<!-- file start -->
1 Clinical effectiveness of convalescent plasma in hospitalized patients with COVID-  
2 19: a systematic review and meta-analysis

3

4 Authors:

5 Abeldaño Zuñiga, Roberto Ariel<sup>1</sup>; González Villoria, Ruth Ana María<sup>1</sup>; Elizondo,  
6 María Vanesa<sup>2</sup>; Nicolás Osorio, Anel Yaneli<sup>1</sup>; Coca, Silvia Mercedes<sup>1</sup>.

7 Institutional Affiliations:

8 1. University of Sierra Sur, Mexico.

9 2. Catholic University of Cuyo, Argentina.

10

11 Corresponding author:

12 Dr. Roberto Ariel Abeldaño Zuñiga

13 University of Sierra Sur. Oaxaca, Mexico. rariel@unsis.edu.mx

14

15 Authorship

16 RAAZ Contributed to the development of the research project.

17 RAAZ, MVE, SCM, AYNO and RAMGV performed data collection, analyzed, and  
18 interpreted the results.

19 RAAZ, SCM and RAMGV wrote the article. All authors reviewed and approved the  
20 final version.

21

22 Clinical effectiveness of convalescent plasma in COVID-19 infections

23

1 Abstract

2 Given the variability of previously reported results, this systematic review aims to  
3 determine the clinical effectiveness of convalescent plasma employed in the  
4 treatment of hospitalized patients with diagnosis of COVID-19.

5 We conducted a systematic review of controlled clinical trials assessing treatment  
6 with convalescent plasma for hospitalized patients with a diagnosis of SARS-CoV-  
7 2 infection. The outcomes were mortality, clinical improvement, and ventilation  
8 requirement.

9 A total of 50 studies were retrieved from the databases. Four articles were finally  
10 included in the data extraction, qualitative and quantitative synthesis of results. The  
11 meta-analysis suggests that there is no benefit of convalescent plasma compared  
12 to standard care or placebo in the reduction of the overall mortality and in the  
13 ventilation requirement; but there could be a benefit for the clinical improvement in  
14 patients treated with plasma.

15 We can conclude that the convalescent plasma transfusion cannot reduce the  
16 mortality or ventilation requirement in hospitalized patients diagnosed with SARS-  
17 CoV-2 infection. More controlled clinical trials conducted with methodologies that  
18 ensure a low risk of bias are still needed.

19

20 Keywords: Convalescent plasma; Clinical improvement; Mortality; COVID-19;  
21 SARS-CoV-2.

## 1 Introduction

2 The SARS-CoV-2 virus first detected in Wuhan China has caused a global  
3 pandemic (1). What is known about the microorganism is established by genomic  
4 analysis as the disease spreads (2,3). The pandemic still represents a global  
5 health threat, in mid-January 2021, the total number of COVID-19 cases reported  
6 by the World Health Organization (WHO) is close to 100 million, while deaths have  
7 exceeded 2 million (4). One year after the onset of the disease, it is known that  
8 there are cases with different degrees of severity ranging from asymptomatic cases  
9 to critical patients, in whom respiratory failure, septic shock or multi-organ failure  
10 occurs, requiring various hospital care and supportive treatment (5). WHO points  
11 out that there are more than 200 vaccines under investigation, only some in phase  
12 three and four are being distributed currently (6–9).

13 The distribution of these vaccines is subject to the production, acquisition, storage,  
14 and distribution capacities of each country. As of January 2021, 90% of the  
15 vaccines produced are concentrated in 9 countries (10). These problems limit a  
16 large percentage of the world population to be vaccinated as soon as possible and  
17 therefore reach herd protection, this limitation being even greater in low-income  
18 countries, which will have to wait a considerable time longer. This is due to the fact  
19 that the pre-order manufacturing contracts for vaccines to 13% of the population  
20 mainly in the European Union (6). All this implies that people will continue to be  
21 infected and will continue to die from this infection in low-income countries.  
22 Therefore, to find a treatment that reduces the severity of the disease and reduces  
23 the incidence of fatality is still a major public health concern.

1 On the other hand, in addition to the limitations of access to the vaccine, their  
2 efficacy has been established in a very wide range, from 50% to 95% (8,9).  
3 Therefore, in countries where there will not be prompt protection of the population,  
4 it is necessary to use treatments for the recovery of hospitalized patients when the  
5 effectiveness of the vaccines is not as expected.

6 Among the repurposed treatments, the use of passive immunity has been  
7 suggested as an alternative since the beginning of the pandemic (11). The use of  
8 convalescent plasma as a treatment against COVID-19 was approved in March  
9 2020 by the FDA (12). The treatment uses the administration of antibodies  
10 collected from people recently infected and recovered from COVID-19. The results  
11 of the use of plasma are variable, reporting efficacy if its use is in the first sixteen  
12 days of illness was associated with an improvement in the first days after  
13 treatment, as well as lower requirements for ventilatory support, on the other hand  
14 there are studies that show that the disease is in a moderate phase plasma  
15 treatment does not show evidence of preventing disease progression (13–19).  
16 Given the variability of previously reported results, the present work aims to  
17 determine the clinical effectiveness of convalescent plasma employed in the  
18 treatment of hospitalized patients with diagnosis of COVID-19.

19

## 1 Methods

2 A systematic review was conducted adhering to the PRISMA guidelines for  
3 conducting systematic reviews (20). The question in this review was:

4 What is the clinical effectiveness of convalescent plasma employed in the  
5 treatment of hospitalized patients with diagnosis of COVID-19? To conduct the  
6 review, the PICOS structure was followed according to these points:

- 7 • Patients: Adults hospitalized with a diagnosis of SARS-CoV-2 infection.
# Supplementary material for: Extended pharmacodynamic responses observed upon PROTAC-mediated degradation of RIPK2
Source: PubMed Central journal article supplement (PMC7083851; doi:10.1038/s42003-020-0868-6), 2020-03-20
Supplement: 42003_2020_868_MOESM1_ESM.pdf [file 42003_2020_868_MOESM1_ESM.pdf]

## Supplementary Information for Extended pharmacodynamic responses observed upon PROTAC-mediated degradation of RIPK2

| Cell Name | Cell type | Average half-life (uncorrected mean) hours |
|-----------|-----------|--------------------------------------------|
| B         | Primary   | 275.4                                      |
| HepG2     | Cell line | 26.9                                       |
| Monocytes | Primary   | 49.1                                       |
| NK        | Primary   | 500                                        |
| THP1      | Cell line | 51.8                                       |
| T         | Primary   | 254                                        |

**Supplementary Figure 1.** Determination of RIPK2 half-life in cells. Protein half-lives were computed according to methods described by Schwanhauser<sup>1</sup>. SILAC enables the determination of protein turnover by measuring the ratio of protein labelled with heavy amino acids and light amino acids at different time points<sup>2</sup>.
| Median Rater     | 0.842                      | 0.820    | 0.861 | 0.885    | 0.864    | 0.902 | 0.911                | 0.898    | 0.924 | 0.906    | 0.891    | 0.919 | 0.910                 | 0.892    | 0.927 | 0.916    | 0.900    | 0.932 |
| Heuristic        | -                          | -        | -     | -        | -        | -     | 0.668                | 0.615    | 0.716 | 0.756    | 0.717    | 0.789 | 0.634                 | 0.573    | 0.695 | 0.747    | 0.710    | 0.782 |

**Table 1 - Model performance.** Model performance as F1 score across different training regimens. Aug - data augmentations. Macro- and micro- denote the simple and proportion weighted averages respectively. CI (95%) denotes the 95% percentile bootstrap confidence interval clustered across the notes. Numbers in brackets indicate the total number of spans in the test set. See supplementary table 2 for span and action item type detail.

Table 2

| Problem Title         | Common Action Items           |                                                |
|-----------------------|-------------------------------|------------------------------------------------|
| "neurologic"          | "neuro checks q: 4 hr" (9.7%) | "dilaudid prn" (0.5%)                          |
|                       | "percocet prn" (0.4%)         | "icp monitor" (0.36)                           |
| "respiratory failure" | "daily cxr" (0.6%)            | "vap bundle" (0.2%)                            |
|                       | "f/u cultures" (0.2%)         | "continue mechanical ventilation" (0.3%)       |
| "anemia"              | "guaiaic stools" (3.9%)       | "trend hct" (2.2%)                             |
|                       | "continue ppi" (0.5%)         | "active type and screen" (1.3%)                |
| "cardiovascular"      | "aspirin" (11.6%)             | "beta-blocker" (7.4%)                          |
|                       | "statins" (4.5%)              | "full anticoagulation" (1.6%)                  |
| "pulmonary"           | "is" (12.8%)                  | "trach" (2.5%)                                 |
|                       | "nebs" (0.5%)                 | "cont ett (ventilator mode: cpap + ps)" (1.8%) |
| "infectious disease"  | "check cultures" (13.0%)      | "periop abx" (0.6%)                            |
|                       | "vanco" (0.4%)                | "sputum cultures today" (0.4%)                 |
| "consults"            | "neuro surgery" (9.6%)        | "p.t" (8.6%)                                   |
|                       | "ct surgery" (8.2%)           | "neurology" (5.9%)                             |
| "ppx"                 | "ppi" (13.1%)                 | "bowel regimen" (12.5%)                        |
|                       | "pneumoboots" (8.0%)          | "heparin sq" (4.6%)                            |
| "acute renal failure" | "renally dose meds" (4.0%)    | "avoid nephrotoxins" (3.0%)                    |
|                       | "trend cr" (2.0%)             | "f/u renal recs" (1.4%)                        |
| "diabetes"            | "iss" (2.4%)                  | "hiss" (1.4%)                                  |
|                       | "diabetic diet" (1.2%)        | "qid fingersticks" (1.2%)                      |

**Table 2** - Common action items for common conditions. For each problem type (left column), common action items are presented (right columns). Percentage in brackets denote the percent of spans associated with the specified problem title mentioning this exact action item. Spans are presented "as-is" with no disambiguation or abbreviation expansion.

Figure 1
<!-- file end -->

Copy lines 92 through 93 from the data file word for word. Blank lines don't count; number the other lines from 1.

6 review, the PICOS structure was followed according to these points:

- 7 • Patients: Adults hospitalized with a diagnosis of SARS-CoV-2 infection.